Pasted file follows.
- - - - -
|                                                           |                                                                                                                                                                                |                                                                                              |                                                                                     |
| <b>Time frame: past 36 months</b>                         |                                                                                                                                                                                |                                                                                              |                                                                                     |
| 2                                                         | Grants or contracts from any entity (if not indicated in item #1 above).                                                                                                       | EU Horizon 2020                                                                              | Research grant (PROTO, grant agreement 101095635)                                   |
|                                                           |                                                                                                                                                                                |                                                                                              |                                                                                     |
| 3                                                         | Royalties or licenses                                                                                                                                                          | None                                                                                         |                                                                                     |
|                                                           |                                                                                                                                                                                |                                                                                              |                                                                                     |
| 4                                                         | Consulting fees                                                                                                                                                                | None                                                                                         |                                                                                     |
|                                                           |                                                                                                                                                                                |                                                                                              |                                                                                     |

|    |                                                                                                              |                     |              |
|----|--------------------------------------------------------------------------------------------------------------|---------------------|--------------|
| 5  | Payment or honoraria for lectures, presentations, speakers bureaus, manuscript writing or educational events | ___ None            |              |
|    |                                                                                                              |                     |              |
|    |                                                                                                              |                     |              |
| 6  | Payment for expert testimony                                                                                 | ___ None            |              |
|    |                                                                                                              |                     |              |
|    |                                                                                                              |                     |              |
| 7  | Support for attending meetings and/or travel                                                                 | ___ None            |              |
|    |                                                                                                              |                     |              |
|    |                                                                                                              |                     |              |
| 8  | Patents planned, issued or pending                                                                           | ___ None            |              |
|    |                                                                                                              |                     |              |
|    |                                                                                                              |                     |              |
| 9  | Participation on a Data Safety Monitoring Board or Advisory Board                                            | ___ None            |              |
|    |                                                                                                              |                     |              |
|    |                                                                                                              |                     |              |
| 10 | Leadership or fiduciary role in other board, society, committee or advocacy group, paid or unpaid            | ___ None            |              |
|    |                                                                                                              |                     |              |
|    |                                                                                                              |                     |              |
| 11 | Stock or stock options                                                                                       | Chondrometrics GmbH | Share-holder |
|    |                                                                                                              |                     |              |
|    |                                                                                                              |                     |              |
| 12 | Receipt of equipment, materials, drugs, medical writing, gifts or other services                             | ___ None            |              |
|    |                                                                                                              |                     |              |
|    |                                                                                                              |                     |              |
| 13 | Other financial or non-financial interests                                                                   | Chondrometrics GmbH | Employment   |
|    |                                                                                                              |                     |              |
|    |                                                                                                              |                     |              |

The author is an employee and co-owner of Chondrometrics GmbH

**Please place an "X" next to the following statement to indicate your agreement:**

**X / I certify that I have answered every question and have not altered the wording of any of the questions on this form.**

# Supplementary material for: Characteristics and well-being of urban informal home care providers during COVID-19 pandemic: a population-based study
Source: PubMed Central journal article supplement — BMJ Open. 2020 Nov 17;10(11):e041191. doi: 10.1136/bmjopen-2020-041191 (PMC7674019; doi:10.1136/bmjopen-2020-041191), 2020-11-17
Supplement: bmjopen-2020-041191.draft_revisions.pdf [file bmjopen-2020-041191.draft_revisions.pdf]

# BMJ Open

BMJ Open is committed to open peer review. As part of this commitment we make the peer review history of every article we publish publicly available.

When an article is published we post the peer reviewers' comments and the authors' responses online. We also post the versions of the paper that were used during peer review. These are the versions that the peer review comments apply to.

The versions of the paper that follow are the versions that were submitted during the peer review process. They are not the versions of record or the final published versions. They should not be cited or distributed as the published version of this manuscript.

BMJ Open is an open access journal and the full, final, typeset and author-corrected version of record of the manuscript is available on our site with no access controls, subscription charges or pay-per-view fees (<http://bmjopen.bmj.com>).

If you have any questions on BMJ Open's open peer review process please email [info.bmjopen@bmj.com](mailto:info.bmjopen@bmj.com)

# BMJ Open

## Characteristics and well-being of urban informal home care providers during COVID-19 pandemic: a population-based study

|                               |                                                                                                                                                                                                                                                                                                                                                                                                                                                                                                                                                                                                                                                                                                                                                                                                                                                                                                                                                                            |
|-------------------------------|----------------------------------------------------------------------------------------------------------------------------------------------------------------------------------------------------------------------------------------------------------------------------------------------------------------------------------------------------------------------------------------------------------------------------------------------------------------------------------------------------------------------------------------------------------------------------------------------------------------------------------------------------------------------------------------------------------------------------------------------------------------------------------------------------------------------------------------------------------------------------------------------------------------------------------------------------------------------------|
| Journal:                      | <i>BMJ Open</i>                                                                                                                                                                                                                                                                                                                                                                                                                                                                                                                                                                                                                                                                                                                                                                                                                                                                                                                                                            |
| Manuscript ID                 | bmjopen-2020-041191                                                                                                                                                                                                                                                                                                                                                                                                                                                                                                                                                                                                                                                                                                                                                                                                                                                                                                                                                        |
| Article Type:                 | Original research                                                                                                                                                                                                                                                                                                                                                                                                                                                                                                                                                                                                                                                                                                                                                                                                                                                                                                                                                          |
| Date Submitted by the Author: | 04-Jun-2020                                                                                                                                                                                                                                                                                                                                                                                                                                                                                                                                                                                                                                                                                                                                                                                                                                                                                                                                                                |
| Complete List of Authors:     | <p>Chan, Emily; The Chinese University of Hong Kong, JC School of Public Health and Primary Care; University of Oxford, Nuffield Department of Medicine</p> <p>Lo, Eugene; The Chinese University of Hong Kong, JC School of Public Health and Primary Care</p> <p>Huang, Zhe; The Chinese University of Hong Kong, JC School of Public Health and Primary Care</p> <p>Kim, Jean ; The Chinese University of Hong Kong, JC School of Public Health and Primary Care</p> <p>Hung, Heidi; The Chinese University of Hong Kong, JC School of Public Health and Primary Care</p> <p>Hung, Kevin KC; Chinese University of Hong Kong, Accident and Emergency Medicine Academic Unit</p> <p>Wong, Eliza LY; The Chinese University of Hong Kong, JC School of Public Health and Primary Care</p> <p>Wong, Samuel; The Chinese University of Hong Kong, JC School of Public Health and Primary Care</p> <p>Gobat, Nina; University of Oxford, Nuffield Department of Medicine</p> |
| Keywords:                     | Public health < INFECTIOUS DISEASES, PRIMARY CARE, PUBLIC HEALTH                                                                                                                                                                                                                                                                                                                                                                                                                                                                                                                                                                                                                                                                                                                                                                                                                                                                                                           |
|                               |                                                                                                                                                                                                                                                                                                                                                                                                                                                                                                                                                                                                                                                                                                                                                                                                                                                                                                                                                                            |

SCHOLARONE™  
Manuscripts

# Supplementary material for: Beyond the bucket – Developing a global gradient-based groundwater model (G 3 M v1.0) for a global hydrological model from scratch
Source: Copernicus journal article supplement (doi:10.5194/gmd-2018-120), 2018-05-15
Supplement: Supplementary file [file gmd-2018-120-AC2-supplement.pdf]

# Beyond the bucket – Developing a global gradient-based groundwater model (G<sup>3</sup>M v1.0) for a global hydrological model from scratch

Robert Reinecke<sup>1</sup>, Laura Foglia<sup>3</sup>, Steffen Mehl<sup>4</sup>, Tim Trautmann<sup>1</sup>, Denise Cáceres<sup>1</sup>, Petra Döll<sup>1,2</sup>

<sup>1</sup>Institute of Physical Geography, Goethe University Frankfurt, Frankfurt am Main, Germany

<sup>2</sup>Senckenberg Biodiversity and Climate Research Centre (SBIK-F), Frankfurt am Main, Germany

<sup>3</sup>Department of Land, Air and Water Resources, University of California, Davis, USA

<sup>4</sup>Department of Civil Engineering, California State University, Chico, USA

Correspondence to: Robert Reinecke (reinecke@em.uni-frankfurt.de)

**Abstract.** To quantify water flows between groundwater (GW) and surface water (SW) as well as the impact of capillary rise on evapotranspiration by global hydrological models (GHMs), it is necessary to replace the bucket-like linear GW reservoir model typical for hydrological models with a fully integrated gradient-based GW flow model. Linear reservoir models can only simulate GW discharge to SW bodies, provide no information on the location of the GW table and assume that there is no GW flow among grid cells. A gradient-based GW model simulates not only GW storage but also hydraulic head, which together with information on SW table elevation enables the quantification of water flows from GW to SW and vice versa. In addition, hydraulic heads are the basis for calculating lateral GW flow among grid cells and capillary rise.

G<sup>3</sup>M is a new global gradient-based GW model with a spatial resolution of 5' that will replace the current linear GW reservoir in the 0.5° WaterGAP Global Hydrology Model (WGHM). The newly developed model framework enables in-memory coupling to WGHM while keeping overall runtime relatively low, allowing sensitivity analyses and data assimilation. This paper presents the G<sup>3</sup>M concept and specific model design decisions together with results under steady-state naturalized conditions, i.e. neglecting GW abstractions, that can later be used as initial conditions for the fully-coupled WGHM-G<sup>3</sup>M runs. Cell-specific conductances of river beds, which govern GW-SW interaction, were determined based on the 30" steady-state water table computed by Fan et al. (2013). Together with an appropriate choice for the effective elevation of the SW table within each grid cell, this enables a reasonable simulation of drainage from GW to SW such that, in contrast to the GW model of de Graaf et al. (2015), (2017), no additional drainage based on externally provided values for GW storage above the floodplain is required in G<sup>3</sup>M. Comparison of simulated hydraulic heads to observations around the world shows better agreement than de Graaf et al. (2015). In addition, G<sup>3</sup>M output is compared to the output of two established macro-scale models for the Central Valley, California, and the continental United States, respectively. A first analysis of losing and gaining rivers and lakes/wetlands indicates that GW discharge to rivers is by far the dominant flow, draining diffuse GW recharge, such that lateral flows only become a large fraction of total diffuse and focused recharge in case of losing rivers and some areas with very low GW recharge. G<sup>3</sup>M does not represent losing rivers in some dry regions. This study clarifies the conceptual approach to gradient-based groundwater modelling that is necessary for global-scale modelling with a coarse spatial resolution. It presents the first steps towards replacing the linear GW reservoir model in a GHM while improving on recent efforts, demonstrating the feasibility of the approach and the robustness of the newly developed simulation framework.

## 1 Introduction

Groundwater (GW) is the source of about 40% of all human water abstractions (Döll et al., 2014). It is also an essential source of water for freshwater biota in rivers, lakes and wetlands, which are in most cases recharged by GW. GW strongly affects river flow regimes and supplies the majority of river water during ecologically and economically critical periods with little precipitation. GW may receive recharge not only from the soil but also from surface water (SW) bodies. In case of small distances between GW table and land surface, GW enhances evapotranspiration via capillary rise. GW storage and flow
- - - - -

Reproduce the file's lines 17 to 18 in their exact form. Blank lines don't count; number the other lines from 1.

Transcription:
| 7  | Support for attending meetings and/or travel                                                                 | ___ None            |              |
|    |                                                                                                              |                     |              |